One of my favorite bits of trivia is that president John Tyler — in office from 1841-1845 — still has two living grandsons. Not great-great-great grandsons, but grandsons. One of my second favorite bits of trivia was that Babe Ruth’s daughter was still alive. But, alas, she has now sadly passed: Julia Ruth Stevens, aged 102, died on Saturday night.
Stevens was born in 1916 and her mother married Ruth in 1929, after which he adopted her. That marriage, by the way, happened on Opening Day of the 1929 season. Imagine if, say, Aaron Judge got married on the day of a game. My God, the takes.
Stevens and Ruth took to each other wonderfully. He taught her to bowl and golf and how to dance. She traveled with him around the world as he was at the height of his fame and she called him “Daddy” until the day she died. She gave many interviews while in her 90s, talking of both her love for her father and how much love her father showed her. Which contrasted to the story told by her sister Dorothy, also adopted and later raised by Ruth but, as revealed decades later, his biological daughter from an affair, who cast Ruth as a distant father. Which is to say that every story is more complicated than any one teller would have you believe, even if they are telling the truth as they knew it.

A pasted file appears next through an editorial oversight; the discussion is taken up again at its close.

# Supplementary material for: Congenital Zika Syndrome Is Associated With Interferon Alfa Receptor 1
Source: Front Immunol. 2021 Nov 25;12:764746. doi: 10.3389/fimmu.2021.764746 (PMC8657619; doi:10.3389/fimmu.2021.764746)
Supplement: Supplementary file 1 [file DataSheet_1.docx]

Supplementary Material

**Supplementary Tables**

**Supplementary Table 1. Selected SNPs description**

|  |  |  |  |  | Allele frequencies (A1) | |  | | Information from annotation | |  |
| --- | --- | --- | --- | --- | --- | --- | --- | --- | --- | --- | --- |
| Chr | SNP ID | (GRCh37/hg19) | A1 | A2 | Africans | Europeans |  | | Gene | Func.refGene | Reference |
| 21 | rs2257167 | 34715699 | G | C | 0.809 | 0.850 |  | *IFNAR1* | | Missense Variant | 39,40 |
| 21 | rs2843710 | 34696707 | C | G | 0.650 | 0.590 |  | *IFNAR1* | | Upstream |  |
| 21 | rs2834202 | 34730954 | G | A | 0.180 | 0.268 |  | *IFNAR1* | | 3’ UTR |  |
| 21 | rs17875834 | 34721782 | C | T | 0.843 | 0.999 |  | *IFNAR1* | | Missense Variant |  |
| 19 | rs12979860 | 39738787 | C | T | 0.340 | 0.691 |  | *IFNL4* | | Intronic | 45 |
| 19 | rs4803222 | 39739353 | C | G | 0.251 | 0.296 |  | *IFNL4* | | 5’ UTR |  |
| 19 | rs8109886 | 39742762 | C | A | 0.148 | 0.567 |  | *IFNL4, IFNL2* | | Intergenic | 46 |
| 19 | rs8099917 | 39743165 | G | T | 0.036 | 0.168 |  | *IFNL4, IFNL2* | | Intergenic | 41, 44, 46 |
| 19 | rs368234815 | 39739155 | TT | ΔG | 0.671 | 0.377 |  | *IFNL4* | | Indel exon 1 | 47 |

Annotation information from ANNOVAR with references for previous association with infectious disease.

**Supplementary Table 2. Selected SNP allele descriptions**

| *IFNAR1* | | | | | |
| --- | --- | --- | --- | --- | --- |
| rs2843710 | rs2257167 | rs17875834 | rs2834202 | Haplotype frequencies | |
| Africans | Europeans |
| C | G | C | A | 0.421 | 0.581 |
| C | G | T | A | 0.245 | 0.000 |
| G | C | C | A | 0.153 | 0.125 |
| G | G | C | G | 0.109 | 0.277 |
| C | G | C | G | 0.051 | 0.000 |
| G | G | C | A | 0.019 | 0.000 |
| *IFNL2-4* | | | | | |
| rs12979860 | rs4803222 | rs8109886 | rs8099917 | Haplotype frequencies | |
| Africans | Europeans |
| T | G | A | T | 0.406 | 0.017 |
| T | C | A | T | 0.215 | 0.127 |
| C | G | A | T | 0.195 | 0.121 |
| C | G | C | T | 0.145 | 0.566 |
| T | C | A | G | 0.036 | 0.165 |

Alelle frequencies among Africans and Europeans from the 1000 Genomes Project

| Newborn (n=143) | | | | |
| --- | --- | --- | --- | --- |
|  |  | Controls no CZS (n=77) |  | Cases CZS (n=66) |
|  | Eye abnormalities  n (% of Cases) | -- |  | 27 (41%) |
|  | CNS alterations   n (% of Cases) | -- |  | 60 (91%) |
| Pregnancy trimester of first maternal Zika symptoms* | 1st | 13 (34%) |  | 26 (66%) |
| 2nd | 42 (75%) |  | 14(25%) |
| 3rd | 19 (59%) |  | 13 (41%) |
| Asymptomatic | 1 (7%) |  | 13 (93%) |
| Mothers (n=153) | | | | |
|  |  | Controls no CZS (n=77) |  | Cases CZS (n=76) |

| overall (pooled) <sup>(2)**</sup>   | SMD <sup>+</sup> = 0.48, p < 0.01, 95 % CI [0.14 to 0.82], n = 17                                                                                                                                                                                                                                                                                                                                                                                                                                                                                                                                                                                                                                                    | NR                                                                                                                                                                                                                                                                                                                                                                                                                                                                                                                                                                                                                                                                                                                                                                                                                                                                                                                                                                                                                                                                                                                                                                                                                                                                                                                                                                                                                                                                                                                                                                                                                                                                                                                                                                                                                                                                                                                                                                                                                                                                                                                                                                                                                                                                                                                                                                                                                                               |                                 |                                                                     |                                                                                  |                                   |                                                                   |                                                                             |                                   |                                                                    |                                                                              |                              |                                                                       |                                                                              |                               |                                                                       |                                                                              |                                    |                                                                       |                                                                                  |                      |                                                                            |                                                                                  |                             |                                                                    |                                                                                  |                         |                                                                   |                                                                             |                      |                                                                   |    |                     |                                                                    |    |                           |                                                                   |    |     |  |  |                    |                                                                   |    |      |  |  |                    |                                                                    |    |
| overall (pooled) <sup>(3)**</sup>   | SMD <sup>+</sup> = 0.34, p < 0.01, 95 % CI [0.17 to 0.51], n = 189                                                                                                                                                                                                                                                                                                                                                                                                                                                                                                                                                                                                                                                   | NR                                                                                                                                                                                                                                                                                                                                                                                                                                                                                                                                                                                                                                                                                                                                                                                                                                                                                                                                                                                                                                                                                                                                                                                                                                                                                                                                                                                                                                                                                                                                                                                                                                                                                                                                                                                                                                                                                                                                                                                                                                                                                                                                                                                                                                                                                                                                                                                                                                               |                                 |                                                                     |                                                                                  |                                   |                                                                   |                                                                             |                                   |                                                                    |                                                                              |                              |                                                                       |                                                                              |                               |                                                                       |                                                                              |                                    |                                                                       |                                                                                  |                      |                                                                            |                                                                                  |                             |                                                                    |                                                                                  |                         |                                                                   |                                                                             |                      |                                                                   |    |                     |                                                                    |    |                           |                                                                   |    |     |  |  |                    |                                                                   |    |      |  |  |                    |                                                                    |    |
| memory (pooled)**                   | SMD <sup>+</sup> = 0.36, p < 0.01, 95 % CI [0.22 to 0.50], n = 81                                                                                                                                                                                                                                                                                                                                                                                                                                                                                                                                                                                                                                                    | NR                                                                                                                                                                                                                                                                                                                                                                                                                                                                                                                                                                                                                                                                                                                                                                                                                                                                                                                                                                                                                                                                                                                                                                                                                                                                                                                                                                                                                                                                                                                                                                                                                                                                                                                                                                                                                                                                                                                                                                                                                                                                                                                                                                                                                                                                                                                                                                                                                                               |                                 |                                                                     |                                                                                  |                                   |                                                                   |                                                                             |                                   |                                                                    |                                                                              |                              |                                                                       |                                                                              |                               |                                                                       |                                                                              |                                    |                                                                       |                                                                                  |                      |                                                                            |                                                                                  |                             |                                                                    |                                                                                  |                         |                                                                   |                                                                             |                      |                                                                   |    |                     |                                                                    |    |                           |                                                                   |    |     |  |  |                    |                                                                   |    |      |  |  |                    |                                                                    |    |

Stevens moved to New Hampshire as an adult and became a Boston Red Sox fan for the rest of her life. Which, given that Ruth began his career in Boston and given that the rivalry between the Sox and Yankees wasn’t all that hot until the 1970s and beyond, probably wouldn’t have bothered the Babe that much. That’s the case even if it likely irked still-living fans when Stevens threw out the first pitch at Fenway Park during the 1999 ALCS. It probably helps that she also threw out the first pitch at Yankee Stadium before the final game in the House That Ruth Built back in 2008 and was, overall, an ambassador for her father and the game far more than she was for any team.
Life has a long tail. Stuff that happened in the seemingly distant past wasn’t as long ago as you might think when you measure it by lives lived. Julia Ruth Stevens was proof of that.